The attic was still when she awoke. She looked about and listened. No voices and no movement, only dust motes dancing in beams of sunlight angling in from a small attic window.
The light seemed unchanged from when she had dozed off, but she had a sense of a long time having passed. She had left her watch downstairs. She thought about calling it a day and going back down and taking some aspirins for the headache she’d developed.
Instead, she walked over to the big old steamer trunk the voice had indicated, pulled off its dusty cotton sheet and opened it. Sally’s caught her breath when she discovered the diaries.
There were a score of slim diaries, each bound in reddish leather engraved with gold leaf flowers. The pages were of a high-satin, heavy paper that, to her surprise, still smelled faintly of lavender.
She opened one and read at random. Flowing, neat handwriting in black in filled each page.
”I can say nothing. In silence, I die slowly and keep my peace. When the Skipper arrived, I put on my clothes and made them dinner. The Skipper would have killed him, or Jake might have killed me. I don’t know…I would want the former, but old Skip could hang for it, and where would I be.“
There was a scratch-out, then a blank line. Then: “I’m ashamed. Shame! Shame! I’m ashamed at myself in the mirror, ashamed of the marks on me, somehow. I’m ashamed of cowering naked on the floor trembling at what he would pick up to hit me again. He will kill me. I thought this time he would kill me, but he stopped and went downstairs and I heard him welcome the Skipper as if nothing had happened….”
Sally’s hands trembled and she almost dropped the diary she was reading. The words, “I’m ashamed. Shame. Shame.” Screamed out at her. She’d seen and heard a woman saying these same words into a cracked mirror in the dream she’d had when she’d fallen asleep in the rocking chair.
She gathered all the diaries and took them from the cramped attic, down a spiral back staircase to the kitchen of the Queen Anne, Pacific Victorian house where she’d been staying for the past week.
She proceeded to the parlor and the gingerbread desk where she’d laid other papers and mementos of the woman for whom this house had been built more than a century earlier. She put down the diaries after moving aside a stack of yellowed newspapers, with lurid headlines: “JENNY JURY: DAY 5!” “JENNY’S GOLD MYSTERY” and “JENNY MURDER TRIAL OPENS!”
It seemed now to Sally that the woman who wrote these diaries was everything that she had not been in her 45 years, a woman who had led a wild life, taking chances. Yet, she felt a profound kinship.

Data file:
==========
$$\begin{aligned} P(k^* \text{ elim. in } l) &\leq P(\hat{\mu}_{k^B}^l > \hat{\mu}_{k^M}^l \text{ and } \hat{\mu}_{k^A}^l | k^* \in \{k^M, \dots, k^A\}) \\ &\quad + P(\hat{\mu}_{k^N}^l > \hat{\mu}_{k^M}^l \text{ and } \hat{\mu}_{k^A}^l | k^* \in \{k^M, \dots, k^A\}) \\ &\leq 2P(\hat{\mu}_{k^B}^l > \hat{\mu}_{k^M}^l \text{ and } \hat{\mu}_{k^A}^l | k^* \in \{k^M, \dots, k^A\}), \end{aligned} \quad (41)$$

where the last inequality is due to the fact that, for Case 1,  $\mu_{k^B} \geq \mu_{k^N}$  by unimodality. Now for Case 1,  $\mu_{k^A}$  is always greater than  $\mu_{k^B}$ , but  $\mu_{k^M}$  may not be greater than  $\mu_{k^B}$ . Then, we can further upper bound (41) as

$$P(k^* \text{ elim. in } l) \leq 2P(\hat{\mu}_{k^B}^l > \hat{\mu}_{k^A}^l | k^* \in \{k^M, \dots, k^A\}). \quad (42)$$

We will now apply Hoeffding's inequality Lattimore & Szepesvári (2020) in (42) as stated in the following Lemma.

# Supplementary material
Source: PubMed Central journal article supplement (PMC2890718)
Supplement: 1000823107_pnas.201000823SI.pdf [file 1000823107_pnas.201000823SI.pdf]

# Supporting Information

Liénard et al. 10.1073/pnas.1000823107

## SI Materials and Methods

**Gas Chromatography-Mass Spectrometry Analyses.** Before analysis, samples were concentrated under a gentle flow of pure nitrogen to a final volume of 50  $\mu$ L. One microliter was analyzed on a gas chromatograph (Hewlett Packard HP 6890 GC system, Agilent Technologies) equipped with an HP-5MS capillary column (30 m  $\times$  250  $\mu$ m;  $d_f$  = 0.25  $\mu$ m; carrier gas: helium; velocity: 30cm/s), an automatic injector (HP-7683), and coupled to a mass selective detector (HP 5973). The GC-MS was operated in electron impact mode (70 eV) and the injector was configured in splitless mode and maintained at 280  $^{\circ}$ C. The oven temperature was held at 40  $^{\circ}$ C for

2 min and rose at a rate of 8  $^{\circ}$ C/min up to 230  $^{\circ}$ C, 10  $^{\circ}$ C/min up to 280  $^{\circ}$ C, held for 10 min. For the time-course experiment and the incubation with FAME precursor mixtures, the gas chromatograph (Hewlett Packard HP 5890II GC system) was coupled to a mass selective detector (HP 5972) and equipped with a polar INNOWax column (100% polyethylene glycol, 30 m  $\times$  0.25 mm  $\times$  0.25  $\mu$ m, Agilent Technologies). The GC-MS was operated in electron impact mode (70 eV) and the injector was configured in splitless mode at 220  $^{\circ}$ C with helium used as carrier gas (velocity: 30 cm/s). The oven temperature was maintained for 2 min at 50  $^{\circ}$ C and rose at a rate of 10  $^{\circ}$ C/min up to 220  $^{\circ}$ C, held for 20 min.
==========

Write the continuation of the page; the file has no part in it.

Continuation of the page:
Part 1.. Fairbanks.“You’re not going to make a tourist attraction out of me! Y’hear?” She heard the voice clearly, yet it came from no location in the attic.
Ignoring the taunt, Sally kept right on rummaging through the attic. She picked a tattered Bible from a box on the top shelf of a maple bookcase. But She didn’t open it, just looked out into the dust motes and shook her head.
“Ah ha. I saw that! Y’do hear me! This is my house.”
A burst of derisive laughter made Sally almost jump. “Now you’re talkin’ to me. But I don’t exist. Remember?” The laughing voice said. “You must be going crazy.”
Sally hurled the bible across the room in the direction of the voice.
“Easy, there little girl”
Sally wiped her brow with the sleeve of her pale blue sweatshirt and shuddered from a chill at the same time. “I’m not listening to you. You’re a flashback from a bad trip.”
“How can I go away if I don’t exist? Don’t worry.”
“Go away. I don’t believe in an afterlife. I’m an atheist.”
“That’s okay. I’m an atheist myself…”
Sally smirked and shook her head. “Well, if you’re a ghost, you can’t be an atheist. You must be hear to haunt me or save me..”
“Niehter. I’m not here to save anything. But I do have my reasons. First, though, you need to show me a little respect due your kin.”
“You could be my great grandmother, but then you could be me cracking up. It happened once. I was very depressed, and I was suffering from jet lag. I was hearing voices then too, but I had no idea I had slipped into a an aggravated depressive psychosis. Now I do and I can stop this.”
“No you can’t because I’m real. Do you feel crazy? Are you acting crazy?”
“I’m stressed, exhausted. I’m all hallucinated because the 24-hour summer days up here in Fairbanks have messed with my sleep patterns. You don’t exist! Go away!”
“That’s not crazy. That’s just tired.”
“Okay, then: I’ll bite. If you’re real, give me a sign. What else can happen in my life right now that hasn’t already happened?”
“Look in that steamer trunk over there. You’ll find something I’m gonna tell you about now….”
Instead, Sally pulled a sheet off a high-backed, maple rocking chair and sat down to gather her thoughts. She rocked gently and lay her head back, tears in her eyes. She tilted the chair back and crooked an arm over her brow and face, and without intending it, dropped quicky into a brief restless sleep, swept with incomprehensible dreams.
(to be continued...)